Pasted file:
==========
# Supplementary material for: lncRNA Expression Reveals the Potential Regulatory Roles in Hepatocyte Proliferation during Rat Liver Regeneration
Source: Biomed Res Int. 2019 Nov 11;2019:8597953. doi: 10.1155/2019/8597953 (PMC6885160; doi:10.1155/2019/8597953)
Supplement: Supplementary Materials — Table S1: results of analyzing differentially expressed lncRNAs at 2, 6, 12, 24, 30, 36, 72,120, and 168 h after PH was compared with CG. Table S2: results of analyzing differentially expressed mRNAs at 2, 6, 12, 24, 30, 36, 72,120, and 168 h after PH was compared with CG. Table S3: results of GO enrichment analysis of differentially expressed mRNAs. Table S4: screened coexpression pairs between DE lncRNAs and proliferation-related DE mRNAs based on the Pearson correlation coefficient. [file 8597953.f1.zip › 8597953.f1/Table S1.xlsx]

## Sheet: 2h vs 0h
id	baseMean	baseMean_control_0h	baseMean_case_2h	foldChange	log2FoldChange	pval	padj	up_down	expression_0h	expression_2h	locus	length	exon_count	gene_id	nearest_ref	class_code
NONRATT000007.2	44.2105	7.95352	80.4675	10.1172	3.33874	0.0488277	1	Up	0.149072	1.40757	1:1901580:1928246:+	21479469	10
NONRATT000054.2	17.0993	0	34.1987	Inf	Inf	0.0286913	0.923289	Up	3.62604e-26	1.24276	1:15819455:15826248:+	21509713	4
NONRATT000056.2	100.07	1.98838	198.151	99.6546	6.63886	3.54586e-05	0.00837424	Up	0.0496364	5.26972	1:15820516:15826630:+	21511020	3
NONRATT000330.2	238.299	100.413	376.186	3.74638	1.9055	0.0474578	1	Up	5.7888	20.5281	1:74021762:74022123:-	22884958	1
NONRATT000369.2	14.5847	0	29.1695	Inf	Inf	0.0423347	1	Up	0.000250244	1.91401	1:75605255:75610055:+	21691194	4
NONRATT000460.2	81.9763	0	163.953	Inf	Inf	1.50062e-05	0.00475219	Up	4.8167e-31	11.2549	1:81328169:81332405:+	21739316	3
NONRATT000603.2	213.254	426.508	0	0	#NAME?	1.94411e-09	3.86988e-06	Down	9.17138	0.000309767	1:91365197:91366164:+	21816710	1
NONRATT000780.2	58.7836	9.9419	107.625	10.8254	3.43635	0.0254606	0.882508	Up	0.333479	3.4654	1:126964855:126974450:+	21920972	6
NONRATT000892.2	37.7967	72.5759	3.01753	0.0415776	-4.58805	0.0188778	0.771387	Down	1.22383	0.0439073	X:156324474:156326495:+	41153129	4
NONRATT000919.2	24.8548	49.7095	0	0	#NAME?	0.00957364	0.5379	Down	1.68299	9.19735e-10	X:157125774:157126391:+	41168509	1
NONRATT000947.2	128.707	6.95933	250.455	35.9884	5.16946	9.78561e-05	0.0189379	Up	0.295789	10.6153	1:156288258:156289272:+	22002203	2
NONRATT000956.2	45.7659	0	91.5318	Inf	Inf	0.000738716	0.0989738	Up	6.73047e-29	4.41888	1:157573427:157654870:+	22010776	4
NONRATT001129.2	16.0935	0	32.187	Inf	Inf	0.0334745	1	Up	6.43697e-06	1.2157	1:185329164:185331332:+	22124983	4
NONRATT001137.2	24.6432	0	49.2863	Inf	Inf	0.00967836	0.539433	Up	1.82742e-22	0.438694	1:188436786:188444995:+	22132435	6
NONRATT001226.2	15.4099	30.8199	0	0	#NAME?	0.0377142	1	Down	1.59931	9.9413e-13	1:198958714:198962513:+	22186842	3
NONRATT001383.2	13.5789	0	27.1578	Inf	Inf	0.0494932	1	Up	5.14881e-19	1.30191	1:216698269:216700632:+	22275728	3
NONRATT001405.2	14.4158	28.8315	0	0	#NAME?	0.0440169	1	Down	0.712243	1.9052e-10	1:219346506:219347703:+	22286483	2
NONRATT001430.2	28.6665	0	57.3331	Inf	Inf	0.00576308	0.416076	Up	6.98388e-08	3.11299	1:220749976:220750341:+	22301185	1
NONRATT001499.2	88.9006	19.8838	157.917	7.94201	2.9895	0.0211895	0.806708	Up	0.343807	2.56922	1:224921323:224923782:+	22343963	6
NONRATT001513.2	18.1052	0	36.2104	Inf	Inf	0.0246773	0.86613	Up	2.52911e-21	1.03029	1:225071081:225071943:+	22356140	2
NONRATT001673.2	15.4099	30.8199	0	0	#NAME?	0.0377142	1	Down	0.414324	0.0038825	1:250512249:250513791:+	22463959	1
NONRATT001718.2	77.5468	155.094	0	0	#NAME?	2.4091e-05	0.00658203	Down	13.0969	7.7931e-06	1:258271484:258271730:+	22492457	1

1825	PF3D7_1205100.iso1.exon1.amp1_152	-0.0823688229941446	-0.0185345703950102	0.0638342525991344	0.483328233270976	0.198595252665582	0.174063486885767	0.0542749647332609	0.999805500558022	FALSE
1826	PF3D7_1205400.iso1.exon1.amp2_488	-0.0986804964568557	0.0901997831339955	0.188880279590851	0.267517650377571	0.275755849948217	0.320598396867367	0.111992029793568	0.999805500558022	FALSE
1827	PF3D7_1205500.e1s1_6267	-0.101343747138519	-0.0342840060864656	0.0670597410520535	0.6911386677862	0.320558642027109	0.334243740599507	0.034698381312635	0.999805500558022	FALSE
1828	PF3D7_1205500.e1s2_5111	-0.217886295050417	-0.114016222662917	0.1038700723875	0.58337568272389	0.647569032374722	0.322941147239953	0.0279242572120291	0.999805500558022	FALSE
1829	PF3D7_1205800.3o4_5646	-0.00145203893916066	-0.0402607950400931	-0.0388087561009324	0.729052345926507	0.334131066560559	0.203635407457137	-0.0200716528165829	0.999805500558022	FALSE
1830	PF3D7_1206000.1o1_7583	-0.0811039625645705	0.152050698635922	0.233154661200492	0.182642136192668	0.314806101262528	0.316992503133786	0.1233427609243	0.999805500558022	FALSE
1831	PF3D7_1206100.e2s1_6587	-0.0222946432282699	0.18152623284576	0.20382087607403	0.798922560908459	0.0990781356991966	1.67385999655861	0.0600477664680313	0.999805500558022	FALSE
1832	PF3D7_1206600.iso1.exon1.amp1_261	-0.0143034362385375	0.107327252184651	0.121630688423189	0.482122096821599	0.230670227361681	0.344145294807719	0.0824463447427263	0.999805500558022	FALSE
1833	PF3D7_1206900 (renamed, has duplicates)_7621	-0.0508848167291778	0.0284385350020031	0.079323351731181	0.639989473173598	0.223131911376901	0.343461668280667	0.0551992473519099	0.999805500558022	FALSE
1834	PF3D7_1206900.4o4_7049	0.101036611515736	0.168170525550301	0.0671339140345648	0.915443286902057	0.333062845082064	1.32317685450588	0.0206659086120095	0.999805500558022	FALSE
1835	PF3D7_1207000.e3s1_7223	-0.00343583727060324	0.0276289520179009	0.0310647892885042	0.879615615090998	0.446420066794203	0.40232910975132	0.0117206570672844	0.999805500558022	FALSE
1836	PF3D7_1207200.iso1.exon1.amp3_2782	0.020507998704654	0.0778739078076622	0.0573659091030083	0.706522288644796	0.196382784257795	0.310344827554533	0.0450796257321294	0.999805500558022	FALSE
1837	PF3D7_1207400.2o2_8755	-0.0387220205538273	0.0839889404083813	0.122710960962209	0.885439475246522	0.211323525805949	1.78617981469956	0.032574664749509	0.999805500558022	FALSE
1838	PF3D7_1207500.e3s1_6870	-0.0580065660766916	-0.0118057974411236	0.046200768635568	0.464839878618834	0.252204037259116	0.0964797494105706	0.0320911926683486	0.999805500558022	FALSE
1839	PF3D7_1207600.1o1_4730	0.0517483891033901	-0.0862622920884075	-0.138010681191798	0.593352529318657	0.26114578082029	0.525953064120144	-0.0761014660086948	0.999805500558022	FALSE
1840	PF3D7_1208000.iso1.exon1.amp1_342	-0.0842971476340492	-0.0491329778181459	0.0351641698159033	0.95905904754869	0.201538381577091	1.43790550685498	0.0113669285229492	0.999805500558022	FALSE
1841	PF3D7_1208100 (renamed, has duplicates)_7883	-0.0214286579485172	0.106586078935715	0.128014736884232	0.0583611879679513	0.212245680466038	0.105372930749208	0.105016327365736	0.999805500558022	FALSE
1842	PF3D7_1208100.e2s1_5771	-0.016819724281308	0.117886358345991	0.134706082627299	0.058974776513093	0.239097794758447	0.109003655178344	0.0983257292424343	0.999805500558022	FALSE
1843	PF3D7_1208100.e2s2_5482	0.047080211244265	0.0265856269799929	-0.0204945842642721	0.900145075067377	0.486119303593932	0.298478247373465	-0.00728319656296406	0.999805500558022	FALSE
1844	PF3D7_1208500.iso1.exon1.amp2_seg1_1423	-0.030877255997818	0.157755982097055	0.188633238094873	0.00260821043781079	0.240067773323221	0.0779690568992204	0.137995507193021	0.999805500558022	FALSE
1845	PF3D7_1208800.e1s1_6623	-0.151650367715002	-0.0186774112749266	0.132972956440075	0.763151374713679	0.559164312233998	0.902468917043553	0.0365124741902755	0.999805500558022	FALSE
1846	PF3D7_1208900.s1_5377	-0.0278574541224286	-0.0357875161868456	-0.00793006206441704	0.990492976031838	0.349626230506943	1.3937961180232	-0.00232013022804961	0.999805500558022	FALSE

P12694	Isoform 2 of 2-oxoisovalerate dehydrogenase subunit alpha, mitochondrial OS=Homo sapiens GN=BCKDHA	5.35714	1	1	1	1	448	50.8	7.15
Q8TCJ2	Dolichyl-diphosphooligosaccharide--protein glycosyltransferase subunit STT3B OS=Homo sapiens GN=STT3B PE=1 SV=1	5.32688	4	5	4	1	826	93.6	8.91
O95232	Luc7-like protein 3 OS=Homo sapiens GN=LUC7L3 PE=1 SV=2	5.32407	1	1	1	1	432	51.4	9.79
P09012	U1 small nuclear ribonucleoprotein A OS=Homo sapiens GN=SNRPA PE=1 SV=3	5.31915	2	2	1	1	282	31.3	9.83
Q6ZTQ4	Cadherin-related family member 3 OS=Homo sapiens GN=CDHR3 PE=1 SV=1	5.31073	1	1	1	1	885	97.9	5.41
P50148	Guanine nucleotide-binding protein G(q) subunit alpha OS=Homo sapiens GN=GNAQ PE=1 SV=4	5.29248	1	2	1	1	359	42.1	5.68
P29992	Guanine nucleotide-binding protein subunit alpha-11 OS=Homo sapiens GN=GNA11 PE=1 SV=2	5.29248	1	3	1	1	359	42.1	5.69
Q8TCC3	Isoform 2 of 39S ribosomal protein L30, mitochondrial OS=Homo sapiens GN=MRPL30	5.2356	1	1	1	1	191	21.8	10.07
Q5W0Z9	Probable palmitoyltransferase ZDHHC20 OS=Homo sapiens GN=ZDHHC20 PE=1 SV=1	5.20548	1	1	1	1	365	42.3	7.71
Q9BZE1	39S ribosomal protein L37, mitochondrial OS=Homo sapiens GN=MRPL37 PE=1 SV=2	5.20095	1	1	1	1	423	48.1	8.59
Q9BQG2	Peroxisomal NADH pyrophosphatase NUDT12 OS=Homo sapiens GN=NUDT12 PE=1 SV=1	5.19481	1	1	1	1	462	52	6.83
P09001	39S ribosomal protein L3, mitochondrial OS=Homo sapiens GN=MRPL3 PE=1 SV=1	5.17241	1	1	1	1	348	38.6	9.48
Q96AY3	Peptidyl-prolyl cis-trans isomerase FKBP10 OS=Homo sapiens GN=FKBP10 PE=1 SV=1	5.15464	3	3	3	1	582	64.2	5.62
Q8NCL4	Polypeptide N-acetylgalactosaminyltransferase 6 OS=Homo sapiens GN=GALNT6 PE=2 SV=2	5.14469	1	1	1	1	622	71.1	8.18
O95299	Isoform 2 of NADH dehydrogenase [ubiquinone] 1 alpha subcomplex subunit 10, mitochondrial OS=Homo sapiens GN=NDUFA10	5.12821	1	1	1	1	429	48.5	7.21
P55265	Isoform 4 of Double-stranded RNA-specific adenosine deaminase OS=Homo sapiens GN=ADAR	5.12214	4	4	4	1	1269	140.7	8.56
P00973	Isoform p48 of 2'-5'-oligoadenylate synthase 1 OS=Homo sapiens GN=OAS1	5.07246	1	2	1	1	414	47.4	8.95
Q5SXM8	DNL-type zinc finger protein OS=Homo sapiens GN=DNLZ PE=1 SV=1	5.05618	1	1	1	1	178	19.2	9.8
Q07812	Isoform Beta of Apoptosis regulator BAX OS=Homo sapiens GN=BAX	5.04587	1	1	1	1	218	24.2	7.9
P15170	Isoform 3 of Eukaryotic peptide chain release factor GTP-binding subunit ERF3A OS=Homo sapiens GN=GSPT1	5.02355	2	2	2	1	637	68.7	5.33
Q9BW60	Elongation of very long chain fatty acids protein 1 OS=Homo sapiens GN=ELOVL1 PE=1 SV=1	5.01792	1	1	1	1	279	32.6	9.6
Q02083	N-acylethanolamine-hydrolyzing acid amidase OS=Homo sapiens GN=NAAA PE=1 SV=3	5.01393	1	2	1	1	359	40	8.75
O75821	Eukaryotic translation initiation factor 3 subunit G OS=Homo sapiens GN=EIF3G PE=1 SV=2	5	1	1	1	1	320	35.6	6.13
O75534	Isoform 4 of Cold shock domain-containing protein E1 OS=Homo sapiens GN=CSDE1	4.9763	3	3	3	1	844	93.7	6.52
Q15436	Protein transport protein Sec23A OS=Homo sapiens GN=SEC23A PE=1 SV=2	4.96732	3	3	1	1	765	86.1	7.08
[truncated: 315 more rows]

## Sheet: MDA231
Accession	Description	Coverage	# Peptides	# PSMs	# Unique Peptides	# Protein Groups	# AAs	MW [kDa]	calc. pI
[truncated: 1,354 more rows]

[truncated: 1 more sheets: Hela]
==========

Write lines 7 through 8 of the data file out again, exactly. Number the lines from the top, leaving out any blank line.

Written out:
NONRATT000054.2	17.0993	0	34.1987	Inf	Inf	0.0286913	0.923289	Up	3.62604e-26	1.24276	1:15819455:15826248:+	21509713	4
NONRATT000056.2	100.07	1.98838	198.151	99.6546	6.63886	3.54586e-05	0.00837424	Up	0.0496364	5.26972	1:15820516:15826630:+	21511020	3